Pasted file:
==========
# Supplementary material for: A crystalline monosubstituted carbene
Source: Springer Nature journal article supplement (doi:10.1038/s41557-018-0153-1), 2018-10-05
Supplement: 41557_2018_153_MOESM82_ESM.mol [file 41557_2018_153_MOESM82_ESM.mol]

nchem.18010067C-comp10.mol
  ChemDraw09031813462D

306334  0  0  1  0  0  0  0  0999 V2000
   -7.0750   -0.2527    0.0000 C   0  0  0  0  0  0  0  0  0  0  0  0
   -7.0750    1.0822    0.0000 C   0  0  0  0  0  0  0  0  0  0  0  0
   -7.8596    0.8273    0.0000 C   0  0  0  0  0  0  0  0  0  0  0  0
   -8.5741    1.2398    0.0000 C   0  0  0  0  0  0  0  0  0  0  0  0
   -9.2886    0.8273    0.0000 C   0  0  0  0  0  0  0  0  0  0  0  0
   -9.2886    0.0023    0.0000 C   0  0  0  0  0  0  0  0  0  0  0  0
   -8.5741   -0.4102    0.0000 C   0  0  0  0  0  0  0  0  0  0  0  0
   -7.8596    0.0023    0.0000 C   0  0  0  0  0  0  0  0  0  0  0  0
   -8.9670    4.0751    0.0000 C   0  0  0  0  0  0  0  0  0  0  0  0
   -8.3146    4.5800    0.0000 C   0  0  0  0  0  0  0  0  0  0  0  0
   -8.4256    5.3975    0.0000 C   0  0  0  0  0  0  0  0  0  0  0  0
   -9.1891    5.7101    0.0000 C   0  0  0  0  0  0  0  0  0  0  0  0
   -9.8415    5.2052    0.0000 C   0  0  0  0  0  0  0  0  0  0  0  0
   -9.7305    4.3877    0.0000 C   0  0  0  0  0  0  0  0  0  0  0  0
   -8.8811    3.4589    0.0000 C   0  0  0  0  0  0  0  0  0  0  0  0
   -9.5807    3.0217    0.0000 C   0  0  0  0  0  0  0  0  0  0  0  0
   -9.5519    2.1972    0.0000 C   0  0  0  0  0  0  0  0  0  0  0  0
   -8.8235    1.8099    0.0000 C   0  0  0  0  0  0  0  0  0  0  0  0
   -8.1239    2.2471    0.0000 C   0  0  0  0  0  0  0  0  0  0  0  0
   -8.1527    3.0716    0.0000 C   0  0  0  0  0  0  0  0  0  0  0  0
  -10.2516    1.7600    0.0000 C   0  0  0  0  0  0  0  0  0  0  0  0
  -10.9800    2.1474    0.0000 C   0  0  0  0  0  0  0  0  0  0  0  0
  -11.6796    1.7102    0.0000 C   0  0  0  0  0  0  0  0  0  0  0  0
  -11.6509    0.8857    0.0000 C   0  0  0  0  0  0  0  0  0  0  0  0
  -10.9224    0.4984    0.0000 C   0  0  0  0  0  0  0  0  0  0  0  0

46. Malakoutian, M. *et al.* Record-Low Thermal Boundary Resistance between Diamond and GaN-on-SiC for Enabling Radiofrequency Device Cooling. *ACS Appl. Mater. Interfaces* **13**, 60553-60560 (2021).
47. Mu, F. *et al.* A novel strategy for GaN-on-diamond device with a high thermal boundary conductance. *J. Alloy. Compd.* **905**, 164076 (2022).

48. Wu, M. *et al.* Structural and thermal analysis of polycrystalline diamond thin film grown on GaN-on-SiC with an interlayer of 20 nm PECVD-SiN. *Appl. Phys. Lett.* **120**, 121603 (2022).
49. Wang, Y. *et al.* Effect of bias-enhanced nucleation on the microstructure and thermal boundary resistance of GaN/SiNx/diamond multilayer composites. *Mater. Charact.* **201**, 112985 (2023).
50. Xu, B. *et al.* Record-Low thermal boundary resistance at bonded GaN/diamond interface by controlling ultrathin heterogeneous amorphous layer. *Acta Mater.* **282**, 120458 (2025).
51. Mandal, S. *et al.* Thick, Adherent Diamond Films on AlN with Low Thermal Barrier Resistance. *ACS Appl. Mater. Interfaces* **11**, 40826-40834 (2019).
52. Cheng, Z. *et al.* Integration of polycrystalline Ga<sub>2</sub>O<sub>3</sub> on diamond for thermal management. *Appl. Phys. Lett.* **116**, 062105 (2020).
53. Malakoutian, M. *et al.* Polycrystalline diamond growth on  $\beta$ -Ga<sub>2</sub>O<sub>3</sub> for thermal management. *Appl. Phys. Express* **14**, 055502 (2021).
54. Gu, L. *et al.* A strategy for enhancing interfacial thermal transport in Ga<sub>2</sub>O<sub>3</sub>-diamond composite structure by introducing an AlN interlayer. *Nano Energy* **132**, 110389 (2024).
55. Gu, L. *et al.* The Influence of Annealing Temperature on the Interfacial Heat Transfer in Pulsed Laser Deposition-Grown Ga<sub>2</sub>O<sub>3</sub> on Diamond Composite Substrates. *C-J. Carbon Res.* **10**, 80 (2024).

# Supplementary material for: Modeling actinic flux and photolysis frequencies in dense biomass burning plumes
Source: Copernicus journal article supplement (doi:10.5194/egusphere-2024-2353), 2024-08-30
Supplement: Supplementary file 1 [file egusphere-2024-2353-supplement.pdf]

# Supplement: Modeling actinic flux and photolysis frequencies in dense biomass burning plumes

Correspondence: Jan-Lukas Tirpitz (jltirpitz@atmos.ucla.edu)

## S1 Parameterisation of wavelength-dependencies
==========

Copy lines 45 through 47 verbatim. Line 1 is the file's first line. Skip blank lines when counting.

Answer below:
# Supplement: Modeling actinic flux and photolysis frequencies in dense biomass burning plumes

Correspondence: Jan-Lukas Tirpitz (jltirpitz@atmos.ucla.edu)

## S1 Parameterisation of wavelength-dependencies